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Just what is the role of the military in national policy?

by Keone Michaels Fri Apr 27th, 2007 at 02:35:33 PM EST

This diary began as a comment in a dialogue with someone on a diary at KOS about another topic.  As it turned out the writer I was responding too said he was a stationed on a destroyer and his wife was also in the Navy, active duty which gave me pause to reflect.  

I wondered how to respectfully point out that his present "profession"and the way it is defined and presented in public discourse is part of the problem?

I feel it is time we let go of the notion that warriors and wars are inevitable and even admirable part of a national policy.  The exigencies of life on a changing planet guarantee that doing business like a 19th century industrial bully in a 20th century world will end in failure!

Some think that the role of the military is in"Conducting wars?"  I disagree that the role of the "Military" should be "conducting wars."  Now, go ahead and laugh, but wait a second;

1.) words shape our thought and our actions.  By implication this definition implies our military is an aggressive arm of our foreign policy.  I think we should offer a more benign definition:  

The role of the military is to defend our homeland!
even this simple definition provides a practical and logical basis for such activities as intelligence gathering.  But, it doesn't start out with a chip on our shoulder.

2.) Our country has just exited several centuries where our nation aggressively expanded it's role in the world via "conducting wars" of basically economic expansion.  I live in a state, Hawaii, that was acquired, illegally, in just this manner.  Look it up if you don't believe it.

3.) As the intelligence information analysts say, "the information set" has changed globally:
   a.)  America let the nuclear cat out of the bag at Hiroshima and Nagasaki and now any fool with enough money can purchase the fixins and row a boat with a nuclear warhead into a destroyer (think if the guy who did the Cole had a nuke in his boat?) or New York City.  We are reaping the whirlwind of our military action during WW2, today.  Everybody on the planet now has a shot at mutually assured destruction.  In the long run perhaps ending the war the way we did was not such a wise thing?
   b.)  CHINA will soon eclipse us both militarily and economically.  They have more paper (they own our large debt)on us than the rest of the world combined.  It is my prediction that after the Olympics in China in 3 years they will start making their move on the dollar. When they start buying oil in Euros we are in deep deep shit.  Also, their sheer size and production capacity make them the comparative industrial colossus as we were in WW2.  We cannot kick their ass.  

4.)  Our planet has problems of a natural nature that are becoming more pressing as time goes on.  Massive responses are needed to survive the coming crisis.  We all must work to a common goal to succeed.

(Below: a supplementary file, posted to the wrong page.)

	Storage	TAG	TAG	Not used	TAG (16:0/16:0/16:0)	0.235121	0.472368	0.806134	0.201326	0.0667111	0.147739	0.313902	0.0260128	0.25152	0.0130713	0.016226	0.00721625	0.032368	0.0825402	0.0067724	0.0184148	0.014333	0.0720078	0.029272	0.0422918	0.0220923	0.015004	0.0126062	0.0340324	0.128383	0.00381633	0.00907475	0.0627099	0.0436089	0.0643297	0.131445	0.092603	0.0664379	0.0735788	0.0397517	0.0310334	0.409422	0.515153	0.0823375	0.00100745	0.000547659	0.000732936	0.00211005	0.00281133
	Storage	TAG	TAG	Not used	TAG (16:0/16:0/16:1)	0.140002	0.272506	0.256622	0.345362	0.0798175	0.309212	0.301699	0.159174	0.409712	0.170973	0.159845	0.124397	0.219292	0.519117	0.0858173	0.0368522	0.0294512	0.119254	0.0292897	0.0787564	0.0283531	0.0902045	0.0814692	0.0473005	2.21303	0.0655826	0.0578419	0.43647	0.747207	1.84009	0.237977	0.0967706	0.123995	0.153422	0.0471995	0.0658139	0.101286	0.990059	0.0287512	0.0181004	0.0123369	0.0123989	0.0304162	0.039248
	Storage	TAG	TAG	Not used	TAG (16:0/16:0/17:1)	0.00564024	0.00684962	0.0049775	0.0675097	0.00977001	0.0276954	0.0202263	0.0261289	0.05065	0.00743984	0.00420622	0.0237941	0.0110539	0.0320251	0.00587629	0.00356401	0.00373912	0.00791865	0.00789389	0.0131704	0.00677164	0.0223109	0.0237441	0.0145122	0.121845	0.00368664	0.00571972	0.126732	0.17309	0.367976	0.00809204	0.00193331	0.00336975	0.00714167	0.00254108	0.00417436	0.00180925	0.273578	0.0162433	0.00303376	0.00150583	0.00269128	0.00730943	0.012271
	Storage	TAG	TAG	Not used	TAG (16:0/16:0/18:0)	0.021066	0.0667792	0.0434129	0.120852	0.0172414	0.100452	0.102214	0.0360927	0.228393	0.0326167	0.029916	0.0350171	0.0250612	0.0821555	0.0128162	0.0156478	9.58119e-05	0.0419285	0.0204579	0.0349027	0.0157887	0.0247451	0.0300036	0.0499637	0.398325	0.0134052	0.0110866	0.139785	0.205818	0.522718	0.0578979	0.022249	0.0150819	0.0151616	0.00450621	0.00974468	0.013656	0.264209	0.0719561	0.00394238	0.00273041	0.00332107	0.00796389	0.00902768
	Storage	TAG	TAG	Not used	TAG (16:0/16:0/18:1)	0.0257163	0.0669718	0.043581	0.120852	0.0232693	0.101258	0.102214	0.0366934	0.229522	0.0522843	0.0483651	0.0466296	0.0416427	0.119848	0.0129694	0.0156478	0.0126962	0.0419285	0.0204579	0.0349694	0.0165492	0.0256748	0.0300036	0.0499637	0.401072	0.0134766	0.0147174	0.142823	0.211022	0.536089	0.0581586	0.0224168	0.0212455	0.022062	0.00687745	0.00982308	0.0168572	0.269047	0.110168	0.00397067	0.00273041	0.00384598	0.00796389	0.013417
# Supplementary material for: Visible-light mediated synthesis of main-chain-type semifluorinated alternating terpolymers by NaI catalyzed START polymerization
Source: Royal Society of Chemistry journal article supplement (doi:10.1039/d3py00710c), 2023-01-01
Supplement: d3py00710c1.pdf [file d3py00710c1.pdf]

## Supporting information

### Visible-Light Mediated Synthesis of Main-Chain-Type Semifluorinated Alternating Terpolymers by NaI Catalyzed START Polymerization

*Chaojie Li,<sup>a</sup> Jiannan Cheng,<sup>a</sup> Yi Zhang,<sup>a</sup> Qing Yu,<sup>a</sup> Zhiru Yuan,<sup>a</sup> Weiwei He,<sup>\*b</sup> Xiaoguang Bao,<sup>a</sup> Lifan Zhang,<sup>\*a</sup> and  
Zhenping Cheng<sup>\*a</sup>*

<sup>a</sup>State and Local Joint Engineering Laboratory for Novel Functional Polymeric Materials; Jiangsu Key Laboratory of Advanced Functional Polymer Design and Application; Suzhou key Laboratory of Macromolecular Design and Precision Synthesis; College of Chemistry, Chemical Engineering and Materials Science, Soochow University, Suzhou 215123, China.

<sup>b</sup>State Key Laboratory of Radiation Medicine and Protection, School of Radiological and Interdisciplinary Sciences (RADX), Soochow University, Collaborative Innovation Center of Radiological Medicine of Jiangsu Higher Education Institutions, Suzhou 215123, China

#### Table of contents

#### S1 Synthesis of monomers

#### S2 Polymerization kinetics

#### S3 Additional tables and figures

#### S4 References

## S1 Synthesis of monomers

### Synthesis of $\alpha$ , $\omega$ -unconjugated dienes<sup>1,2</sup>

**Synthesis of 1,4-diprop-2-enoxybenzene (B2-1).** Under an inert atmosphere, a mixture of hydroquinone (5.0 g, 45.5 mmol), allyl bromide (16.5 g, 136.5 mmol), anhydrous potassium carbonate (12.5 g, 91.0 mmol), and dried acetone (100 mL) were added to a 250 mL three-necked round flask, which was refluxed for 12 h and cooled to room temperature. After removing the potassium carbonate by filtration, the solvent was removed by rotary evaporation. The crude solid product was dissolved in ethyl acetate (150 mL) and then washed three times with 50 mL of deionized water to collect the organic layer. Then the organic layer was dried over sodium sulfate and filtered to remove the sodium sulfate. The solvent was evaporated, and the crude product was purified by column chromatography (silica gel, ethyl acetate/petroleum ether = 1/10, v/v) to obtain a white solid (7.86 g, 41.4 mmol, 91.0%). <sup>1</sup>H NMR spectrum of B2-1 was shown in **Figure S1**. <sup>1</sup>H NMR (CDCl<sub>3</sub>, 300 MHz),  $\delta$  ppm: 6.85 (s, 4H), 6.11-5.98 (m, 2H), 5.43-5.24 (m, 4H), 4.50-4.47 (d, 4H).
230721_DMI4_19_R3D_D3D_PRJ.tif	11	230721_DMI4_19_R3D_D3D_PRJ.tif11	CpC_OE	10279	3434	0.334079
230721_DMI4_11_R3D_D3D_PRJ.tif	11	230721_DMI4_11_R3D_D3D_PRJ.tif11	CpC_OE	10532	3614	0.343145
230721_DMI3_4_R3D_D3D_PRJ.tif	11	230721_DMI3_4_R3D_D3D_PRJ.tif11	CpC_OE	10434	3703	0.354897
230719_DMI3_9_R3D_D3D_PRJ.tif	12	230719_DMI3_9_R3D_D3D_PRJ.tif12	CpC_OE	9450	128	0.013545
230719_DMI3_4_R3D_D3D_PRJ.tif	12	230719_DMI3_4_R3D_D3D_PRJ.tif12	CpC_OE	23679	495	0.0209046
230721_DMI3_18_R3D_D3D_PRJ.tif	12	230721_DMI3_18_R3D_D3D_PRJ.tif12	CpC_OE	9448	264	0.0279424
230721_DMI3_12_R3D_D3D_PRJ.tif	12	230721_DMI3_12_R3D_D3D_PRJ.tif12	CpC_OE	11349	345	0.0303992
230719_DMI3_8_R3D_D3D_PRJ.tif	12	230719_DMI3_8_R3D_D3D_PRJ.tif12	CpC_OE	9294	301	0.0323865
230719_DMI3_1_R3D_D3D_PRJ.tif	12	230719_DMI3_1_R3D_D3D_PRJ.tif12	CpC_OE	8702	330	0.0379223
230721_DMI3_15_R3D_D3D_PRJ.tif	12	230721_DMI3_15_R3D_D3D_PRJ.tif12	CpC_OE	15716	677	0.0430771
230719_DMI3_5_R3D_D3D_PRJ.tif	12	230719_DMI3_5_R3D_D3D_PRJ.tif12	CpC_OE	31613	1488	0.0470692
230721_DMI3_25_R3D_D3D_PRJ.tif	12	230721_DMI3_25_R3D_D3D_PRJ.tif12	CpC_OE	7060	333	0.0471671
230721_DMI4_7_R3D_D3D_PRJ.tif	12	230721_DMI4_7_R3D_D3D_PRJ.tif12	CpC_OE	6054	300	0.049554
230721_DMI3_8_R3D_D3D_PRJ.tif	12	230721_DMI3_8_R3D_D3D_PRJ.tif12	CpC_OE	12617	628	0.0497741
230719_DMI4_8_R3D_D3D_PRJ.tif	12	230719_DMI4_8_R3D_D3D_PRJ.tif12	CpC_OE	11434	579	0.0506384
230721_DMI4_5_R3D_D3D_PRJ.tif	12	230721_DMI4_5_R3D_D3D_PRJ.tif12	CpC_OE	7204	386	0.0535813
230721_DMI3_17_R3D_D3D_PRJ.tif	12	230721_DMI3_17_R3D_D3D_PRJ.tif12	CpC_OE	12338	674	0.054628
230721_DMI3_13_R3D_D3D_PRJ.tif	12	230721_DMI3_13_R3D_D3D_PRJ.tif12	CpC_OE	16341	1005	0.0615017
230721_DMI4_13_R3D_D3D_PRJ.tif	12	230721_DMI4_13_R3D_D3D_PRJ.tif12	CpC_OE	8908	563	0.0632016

5.)  Fifth and perhaps not the least important is the psychological set we have embraced when we abandoned a "volunteer, citizen soldier" army for one composed of "professional warriors!"  A professional military in my opinion is like having a loaded gun in the house; The temptation and access and it's very existence make it more likely to be used.

It is time for a paradigm shift my friends.  The testosterone that has served us so faithfully for centuries needs to be re-tasked to work toward consensus peacefully.  Our resources are limited.  The planet is at risk.  Let us muster Chewbacka and R2D2 and the rest and get to the real issues that threaten our lives not our pocketbooks alone.

We need to wage peace not war and "protect" our homeland, not "conduct wars" on foreign soil in a illegal manner to assure a profit margin to some corporation.  Enough.

Think about it.  Alexander the great's time has passed.  Let's get some new heroes.

Also posted at KOS ....

by Keone Michaels on Fri Apr 27th, 2007 at 02:36:47 PM EST
I just finished reading a bit about the Spanish-American war and the abuse of the Philippines by our forces.

The same arguments were being made by intellectuals then as have been made now. The same arguments about the need to bring the benefits of democracy (and Christianity) were made then as now, although we play down the religious aspects better now.

The US has been a military aggressor for over 100 years and there seems to be little prospect for change on the horizon. Most people seem to believe that the only way we can get the materials and open markets that we need is via force. I'm sure you are aware of the history of Hawaii and how the government followed the interests of the agricultural producers who had established themselves in the region and used a pretext to annex the islands.

There is no interest in the US becoming more temperate in its foreign affairs as can be seen by the support for a "strong defense" that both parties promote. As resources become more scarce we can expect to see even more militarism.

Let's face it, we are using more than our fair share and we know it, even if we won't admit it, so switching to another model of international relations isn't likely to happen voluntarily.

Policies not Politics
---- Daily Landscape

by rdf (robert.feinman@gmail.com) on Fri Apr 27th, 2007 at 10:45:09 PM EST
Rome fell.  So will the USA when China ascends to world dominanace in the next few decades. IMO.

by Keone Michaels on Sat Apr 28th, 2007 at 01:51:05 AM EST
[ Parent ]
i remember when i lived in HI reading that the usa annexed hawaii, not because it wanted it, but because they didn't want the brits or russkis to grab it first.

'The history of public debt is full of irony. It rarely follows our ideas of order and justice.' Thomas Piketty
by melo (melometa4(at)gmail.com) on Sat Apr 28th, 2007 at 03:43:02 PM EST

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